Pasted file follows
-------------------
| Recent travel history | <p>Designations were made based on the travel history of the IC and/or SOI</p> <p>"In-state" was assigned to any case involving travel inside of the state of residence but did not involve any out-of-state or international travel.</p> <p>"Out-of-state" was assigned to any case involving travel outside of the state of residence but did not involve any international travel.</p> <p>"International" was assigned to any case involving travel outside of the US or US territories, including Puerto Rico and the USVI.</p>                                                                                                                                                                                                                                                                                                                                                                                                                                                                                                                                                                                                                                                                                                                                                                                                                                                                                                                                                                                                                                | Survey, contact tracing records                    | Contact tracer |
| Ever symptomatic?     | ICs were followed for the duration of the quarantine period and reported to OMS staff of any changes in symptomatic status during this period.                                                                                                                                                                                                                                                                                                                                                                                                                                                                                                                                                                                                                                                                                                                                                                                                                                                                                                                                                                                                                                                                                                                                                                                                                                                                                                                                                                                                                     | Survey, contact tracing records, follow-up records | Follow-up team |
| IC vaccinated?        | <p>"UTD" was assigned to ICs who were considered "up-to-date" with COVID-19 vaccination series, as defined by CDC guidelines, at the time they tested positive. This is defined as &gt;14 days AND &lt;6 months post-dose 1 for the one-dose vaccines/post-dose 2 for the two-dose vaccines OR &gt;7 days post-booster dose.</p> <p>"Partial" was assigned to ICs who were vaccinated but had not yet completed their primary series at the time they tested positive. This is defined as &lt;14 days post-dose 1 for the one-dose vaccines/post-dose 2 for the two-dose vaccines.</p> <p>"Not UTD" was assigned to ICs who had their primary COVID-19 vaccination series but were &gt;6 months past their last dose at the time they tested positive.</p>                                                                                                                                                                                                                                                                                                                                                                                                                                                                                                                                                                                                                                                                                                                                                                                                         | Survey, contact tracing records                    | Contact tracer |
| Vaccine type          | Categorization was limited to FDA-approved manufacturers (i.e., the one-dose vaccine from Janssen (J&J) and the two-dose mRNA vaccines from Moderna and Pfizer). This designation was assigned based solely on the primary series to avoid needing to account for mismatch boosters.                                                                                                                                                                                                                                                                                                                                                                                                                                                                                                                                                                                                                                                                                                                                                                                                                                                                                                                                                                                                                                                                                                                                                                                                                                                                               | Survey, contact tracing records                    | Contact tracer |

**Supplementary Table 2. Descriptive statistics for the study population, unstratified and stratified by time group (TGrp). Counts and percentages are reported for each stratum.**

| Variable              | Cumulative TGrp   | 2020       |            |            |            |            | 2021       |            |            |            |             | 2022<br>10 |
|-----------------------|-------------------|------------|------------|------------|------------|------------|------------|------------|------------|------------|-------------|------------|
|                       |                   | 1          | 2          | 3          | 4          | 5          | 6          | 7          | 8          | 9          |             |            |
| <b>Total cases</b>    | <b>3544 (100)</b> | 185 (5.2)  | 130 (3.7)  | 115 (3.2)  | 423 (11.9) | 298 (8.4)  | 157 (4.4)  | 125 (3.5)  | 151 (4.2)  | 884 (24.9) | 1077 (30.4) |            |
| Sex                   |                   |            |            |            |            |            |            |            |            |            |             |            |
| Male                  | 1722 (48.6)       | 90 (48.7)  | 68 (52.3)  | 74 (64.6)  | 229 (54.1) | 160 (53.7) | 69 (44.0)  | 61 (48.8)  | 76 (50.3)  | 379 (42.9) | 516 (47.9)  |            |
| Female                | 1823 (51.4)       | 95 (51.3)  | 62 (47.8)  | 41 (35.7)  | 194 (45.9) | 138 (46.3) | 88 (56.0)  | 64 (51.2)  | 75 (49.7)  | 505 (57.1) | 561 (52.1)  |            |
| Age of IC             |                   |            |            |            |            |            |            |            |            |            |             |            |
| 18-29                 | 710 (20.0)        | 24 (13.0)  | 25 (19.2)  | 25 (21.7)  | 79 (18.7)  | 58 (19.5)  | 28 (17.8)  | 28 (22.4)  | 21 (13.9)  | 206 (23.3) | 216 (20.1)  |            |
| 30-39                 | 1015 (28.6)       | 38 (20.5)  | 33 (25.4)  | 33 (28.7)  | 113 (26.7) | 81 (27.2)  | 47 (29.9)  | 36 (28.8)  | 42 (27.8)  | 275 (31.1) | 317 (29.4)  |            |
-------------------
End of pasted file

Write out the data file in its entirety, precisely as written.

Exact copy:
| Recent travel history | <p>Designations were made based on the travel history of the IC and/or SOI</p> <p>"In-state" was assigned to any case involving travel inside of the state of residence but did not involve any out-of-state or international travel.</p> <p>"Out-of-state" was assigned to any case involving travel outside of the state of residence but did not involve any international travel.</p> <p>"International" was assigned to any case involving travel outside of the US or US territories, including Puerto Rico and the USVI.</p>                                                                                                                                                                                                                                                                                                                                                                                                                                                                                                                                                                                                                                                                                                                                                                                                                                                                                                                                                                                                                                | Survey, contact tracing records                    | Contact tracer |
| Ever symptomatic?     | ICs were followed for the duration of the quarantine period and reported to OMS staff of any changes in symptomatic status during this period.                                                                                                                                                                                                                                                                                                                                                                                                                                                                                                                                                                                                                                                                                                                                                                                                                                                                                                                                                                                                                                                                                                                                                                                                                                                                                                                                                                                                                     | Survey, contact tracing records, follow-up records | Follow-up team |
| IC vaccinated?        | <p>"UTD" was assigned to ICs who were considered "up-to-date" with COVID-19 vaccination series, as defined by CDC guidelines, at the time they tested positive. This is defined as &gt;14 days AND &lt;6 months post-dose 1 for the one-dose vaccines/post-dose 2 for the two-dose vaccines OR &gt;7 days post-booster dose.</p> <p>"Partial" was assigned to ICs who were vaccinated but had not yet completed their primary series at the time they tested positive. This is defined as &lt;14 days post-dose 1 for the one-dose vaccines/post-dose 2 for the two-dose vaccines.</p> <p>"Not UTD" was assigned to ICs who had their primary COVID-19 vaccination series but were &gt;6 months past their last dose at the time they tested positive.</p>                                                                                                                                                                                                                                                                                                                                                                                                                                                                                                                                                                                                                                                                                                                                                                                                         | Survey, contact tracing records                    | Contact tracer |
| Vaccine type          | Categorization was limited to FDA-approved manufacturers (i.e., the one-dose vaccine from Janssen (J&J) and the two-dose mRNA vaccines from Moderna and Pfizer). This designation was assigned based solely on the primary series to avoid needing to account for mismatch boosters.                                                                                                                                                                                                                                                                                                                                                                                                                                                                                                                                                                                                                                                                                                                                                                                                                                                                                                                                                                                                                                                                                                                                                                                                                                                                               | Survey, contact tracing records                    | Contact tracer |

**Supplementary Table 2. Descriptive statistics for the study population, unstratified and stratified by time group (TGrp). Counts and percentages are reported for each stratum.**

| Variable              | Cumulative TGrp   | 2020       |            |            |            |            | 2021       |            |            |            |             | 2022<br>10 |
|-----------------------|-------------------|------------|------------|------------|------------|------------|------------|------------|------------|------------|-------------|------------|
|                       |                   | 1          | 2          | 3          | 4          | 5          | 6          | 7          | 8          | 9          |             |            |
| <b>Total cases</b>    | <b>3544 (100)</b> | 185 (5.2)  | 130 (3.7)  | 115 (3.2)  | 423 (11.9) | 298 (8.4)  | 157 (4.4)  | 125 (3.5)  | 151 (4.2)  | 884 (24.9) | 1077 (30.4) |            |
| Sex                   |                   |            |            |            |            |            |            |            |            |            |             |            |
| Male                  | 1722 (48.6)       | 90 (48.7)  | 68 (52.3)  | 74 (64.6)  | 229 (54.1) | 160 (53.7) | 69 (44.0)  | 61 (48.8)  | 76 (50.3)  | 379 (42.9) | 516 (47.9)  |            |
| Female                | 1823 (51.4)       | 95 (51.3)  | 62 (47.8)  | 41 (35.7)  | 194 (45.9) | 138 (46.3) | 88 (56.0)  | 64 (51.2)  | 75 (49.7)  | 505 (57.1) | 561 (52.1)  |            |
| Age of IC             |                   |            |            |            |            |            |            |            |            |            |             |            |
| 18-29                 | 710 (20.0)        | 24 (13.0)  | 25 (19.2)  | 25 (21.7)  | 79 (18.7)  | 58 (19.5)  | 28 (17.8)  | 28 (22.4)  | 21 (13.9)  | 206 (23.3) | 216 (20.1)  |            |
| 30-39                 | 1015 (28.6)       | 38 (20.5)  | 33 (25.4)  | 33 (28.7)  | 113 (26.7) | 81 (27.2)  | 47 (29.9)  | 36 (28.8)  | 42 (27.8)  | 275 (31.1) | 317 (29.4)  |            |